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Australia's economic luck looks to be running out

Satyajit Das
Published: October 4 2017 - 8:54AM
Australia's record of 26 years without a recession flatters to deceive. The gaudy numbers mask serious flaws in the country's economic model.
First and most obviously, the Australian economy is still far too dependent on "houses and holes." During part of the typical business cycle, national income and prosperity are driven by exports of commodities -- primarily iron ore, liquefied natural gas and coal -- that come out of holes in the ground. At other times, low interest rates and easy credit boost house prices, propping up economic activity. These two forces have combined with one of the highest population growth rates in the developed world (around 1.5 per cent annually, driven mostly by immigration) to prop up headline growth.
Yet a significant portion of housing activity is speculative. Going by measures such as price-to-rent or price-to-disposable income, Australia's property market looks substantially overvalued.
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  • Oct 4 2017 at 1:07 PM

Policy paralysis puts Australia's recession-free run at risk

by Michael Heath
The global crown for the longest stretch of uninterrupted economic growth is within sight for Australia. But it's limping to the line as policy paralysis weighs on the nation's prospects.
Twenty-six years without recession have put Australia within two years of overtaking the Netherlands' record growth streak and government, central bank and economist forecasts all suggest it'll take the mantle.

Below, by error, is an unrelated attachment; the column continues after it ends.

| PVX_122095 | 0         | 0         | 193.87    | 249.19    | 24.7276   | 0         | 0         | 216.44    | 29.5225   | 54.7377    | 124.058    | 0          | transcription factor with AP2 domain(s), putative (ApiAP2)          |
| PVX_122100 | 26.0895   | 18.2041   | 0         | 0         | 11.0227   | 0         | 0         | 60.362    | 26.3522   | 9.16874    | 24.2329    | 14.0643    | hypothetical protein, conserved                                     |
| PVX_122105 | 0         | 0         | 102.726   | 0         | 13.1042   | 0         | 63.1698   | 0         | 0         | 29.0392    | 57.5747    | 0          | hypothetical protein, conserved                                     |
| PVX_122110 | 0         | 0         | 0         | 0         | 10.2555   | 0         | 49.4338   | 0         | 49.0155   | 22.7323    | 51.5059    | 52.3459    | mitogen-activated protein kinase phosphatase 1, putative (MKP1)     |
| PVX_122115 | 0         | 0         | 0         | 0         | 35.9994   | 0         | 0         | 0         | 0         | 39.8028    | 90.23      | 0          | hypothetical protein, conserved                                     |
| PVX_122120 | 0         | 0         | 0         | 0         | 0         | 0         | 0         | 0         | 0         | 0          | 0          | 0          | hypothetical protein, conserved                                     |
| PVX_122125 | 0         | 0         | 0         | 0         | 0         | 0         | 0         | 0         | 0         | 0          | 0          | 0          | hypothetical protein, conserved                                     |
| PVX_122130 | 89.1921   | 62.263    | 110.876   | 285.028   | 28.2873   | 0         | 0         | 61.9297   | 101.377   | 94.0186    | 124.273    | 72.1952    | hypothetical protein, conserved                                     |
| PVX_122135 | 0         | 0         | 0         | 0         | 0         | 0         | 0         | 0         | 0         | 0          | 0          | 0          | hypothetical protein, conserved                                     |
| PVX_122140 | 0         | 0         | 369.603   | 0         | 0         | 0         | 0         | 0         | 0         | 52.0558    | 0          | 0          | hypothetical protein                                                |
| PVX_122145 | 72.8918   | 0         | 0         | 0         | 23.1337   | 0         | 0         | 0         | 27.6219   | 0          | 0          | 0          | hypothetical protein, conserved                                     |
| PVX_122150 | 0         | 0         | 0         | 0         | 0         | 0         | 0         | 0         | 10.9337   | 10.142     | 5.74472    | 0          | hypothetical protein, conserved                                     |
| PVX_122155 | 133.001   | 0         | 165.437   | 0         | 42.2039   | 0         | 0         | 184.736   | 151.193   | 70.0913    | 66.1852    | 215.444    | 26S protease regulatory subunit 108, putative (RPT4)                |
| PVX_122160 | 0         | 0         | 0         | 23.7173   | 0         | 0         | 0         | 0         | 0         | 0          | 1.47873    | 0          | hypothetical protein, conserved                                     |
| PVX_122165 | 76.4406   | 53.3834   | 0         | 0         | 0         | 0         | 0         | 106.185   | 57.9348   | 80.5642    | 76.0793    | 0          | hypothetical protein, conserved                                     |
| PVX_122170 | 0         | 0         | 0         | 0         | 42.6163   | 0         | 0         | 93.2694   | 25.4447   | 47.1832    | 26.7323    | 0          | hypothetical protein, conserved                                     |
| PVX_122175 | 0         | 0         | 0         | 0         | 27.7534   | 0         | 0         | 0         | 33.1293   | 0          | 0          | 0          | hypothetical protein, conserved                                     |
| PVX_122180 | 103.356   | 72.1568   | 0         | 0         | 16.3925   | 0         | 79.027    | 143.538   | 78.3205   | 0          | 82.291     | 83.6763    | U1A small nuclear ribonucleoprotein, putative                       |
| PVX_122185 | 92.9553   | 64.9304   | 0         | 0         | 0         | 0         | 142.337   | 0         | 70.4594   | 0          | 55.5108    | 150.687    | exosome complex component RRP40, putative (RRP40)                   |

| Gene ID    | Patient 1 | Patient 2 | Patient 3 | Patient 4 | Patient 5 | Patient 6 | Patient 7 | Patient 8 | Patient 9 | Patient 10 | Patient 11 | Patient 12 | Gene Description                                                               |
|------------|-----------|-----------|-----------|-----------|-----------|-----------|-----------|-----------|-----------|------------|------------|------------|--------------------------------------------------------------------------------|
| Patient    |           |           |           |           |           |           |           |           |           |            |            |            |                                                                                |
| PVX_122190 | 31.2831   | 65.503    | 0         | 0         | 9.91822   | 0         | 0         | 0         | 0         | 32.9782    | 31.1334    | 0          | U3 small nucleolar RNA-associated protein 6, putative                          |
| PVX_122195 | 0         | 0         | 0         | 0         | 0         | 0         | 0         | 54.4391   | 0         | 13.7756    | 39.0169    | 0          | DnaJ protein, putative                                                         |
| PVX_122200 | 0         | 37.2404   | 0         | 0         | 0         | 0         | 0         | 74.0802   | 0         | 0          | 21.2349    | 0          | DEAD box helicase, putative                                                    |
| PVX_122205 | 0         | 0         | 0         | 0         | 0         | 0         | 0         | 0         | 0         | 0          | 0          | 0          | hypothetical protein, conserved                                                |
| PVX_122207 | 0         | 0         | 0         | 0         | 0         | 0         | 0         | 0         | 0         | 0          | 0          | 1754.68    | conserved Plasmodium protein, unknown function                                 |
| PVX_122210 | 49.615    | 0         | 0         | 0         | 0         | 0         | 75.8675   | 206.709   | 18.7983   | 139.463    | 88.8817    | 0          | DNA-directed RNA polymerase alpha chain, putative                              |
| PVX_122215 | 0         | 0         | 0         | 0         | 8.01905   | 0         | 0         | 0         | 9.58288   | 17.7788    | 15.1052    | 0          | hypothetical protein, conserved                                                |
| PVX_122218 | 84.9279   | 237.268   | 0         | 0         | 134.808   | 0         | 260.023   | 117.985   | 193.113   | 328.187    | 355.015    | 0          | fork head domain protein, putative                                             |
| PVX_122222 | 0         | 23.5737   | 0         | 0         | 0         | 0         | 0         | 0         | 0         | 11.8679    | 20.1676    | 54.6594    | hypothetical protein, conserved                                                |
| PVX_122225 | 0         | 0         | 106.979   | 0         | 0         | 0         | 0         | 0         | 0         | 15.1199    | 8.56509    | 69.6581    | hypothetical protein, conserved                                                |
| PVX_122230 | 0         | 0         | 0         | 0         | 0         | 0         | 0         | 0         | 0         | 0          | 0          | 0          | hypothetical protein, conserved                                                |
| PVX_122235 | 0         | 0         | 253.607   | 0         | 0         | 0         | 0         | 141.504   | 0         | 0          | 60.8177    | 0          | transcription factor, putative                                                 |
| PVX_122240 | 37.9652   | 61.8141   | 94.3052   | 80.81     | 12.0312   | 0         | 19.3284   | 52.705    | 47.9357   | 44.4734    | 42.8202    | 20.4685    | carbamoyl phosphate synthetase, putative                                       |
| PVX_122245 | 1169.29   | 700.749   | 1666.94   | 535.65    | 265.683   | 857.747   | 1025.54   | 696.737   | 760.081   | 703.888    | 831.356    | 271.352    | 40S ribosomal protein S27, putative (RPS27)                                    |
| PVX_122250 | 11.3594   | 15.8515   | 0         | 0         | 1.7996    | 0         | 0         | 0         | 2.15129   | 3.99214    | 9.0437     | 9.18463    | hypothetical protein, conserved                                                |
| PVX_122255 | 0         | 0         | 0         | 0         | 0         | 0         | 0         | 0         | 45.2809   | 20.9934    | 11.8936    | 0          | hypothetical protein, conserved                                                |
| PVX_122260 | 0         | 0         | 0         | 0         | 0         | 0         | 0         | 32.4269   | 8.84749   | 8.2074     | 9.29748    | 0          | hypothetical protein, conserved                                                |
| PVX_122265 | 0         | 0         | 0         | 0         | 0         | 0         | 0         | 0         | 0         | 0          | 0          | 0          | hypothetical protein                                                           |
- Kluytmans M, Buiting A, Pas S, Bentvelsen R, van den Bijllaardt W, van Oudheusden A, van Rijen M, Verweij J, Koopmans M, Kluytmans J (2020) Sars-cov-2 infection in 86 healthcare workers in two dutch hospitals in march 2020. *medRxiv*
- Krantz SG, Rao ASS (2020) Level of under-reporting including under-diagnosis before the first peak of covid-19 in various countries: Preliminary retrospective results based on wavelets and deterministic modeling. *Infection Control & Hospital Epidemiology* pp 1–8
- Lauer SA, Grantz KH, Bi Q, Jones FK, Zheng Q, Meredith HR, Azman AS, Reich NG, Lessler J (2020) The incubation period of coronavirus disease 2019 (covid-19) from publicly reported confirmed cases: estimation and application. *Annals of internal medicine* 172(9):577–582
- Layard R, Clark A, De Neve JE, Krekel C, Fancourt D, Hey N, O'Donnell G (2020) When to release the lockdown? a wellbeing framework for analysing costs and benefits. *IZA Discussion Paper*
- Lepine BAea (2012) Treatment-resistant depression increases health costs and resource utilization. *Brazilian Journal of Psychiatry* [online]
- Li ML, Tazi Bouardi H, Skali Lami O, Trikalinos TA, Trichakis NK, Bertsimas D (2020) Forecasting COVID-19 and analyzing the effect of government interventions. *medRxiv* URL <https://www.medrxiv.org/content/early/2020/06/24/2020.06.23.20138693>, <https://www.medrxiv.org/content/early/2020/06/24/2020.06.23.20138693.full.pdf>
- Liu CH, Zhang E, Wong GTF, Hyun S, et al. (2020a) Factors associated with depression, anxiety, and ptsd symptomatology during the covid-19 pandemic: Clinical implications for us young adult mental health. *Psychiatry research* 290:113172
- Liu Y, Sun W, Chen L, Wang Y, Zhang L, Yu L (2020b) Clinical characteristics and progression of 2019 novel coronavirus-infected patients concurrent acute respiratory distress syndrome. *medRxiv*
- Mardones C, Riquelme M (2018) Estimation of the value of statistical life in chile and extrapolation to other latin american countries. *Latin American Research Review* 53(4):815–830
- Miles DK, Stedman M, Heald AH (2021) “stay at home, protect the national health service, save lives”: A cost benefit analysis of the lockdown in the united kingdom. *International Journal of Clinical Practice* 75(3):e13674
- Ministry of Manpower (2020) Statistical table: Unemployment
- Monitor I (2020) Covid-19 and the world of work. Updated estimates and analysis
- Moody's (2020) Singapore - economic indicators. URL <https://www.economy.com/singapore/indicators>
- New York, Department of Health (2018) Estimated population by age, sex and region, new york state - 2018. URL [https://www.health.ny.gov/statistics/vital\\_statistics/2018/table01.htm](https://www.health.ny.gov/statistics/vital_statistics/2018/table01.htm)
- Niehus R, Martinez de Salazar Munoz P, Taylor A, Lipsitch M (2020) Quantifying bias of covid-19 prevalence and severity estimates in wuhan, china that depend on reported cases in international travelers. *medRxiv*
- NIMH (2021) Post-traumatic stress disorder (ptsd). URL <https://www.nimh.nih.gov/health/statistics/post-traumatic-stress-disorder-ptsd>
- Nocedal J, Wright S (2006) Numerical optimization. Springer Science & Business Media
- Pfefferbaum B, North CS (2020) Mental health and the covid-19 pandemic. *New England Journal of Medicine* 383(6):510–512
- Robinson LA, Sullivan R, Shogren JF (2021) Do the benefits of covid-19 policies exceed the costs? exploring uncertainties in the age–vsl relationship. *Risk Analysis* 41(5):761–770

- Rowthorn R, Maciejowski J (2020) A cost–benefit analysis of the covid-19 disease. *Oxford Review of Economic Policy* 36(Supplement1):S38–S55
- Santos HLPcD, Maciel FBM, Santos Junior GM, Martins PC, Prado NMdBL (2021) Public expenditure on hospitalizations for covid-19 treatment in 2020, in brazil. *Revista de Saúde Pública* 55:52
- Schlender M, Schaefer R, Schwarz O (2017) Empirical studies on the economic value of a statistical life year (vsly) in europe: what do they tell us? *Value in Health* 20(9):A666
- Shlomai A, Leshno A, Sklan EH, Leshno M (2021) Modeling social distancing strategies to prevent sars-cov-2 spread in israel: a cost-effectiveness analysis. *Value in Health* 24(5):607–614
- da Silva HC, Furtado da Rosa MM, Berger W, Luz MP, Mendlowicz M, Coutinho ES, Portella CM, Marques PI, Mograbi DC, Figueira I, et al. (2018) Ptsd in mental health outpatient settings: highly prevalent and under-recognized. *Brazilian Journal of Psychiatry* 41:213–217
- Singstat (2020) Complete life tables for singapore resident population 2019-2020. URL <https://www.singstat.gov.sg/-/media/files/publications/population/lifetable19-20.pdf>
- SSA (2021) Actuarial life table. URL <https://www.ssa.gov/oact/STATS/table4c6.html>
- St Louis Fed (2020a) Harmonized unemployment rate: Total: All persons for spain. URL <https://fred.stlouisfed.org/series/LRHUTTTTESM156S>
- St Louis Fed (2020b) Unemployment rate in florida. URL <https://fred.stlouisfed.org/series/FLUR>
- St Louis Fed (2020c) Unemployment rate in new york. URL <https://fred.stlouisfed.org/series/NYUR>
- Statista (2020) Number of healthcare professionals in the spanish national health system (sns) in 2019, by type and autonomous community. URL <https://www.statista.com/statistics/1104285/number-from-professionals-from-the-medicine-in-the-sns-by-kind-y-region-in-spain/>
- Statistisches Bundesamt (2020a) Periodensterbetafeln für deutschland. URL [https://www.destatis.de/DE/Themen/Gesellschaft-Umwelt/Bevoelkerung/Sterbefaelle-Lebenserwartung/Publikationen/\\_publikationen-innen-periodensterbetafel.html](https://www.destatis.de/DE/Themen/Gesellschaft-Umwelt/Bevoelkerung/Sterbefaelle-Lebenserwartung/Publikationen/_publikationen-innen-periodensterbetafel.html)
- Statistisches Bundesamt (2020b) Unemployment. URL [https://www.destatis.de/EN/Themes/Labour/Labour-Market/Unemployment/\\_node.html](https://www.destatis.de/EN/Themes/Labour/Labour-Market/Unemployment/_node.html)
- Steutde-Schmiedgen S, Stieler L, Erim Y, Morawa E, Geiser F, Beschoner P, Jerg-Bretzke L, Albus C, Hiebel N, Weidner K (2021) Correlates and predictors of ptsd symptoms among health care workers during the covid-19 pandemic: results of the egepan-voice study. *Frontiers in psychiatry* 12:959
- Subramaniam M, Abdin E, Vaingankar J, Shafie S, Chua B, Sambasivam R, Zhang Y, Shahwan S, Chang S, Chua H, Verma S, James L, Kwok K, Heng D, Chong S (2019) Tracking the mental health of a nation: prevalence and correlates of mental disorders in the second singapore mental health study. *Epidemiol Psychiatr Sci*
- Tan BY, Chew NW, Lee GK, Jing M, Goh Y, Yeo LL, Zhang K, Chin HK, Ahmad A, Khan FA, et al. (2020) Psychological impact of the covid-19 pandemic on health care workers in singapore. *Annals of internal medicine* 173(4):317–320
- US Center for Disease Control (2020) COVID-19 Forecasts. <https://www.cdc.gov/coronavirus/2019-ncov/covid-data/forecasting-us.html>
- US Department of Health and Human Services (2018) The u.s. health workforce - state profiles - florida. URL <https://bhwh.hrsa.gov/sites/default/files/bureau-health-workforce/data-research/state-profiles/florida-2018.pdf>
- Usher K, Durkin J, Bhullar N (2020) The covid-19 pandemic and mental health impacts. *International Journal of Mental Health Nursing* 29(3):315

After all, the economy has a head start with 2.5 percent growth virtually baked in -- 1.5 percent from population gains that are among the developed world's quickest and 1 percent from resource exports feeding Asia's giant economies.
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  • Updated Oct 4 2017 at 8:00 PM

Shares have gone nowhere for 10 years

If the Reserve Bank is correct and the local economy will be growing at 3 per cent next year, someone forgot to tell the best forward-looking indicator there is, the sharemarket.
It's going nowhere and could do with some good news on growth that in theory should lead to an uptick in earnings, but the recent performance is at odds with the bank's upbeat economic outlook.
On Wednesday the major S&P ASX 200 index closed at 5652, just 13 points below where it was when trading started this calender year.
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World markets leave Australia behind in land of shrinking equity

Adam Haigh
Published: October 5 2017 - 10:42AM
Australia's economy has grown faster than its developed-world peers over the past decade, uniquely avoiding a recession. That means its sharemarket has grown handsomely too, right?
Wrong. It's actually smaller today than it was on the eve of the global financial crisis, in 2007. In that period, the US stock market's capitalisation has grown by more than $US9 trillion. Closer to home, Australia's market has been surpassed by Asia-Pacific peers South Korea and India.
Not only is the contraction a disconnect with the economy, it also stands against an expanding pool of pension-fund capital, which has opted instead to invest abroad.
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Las Vegas shooting is part of the wider problem of messed-up men

Steve Biddulph
Published: October 4 2017 - 4:59PM
Was I the only one who reacted this way to the carnage in Las Vegas? A strong wish to not even watch, as the media once again reached saturation coverage of another bloodbath? As if all the world's locales were queueing up to feature in their own horror show.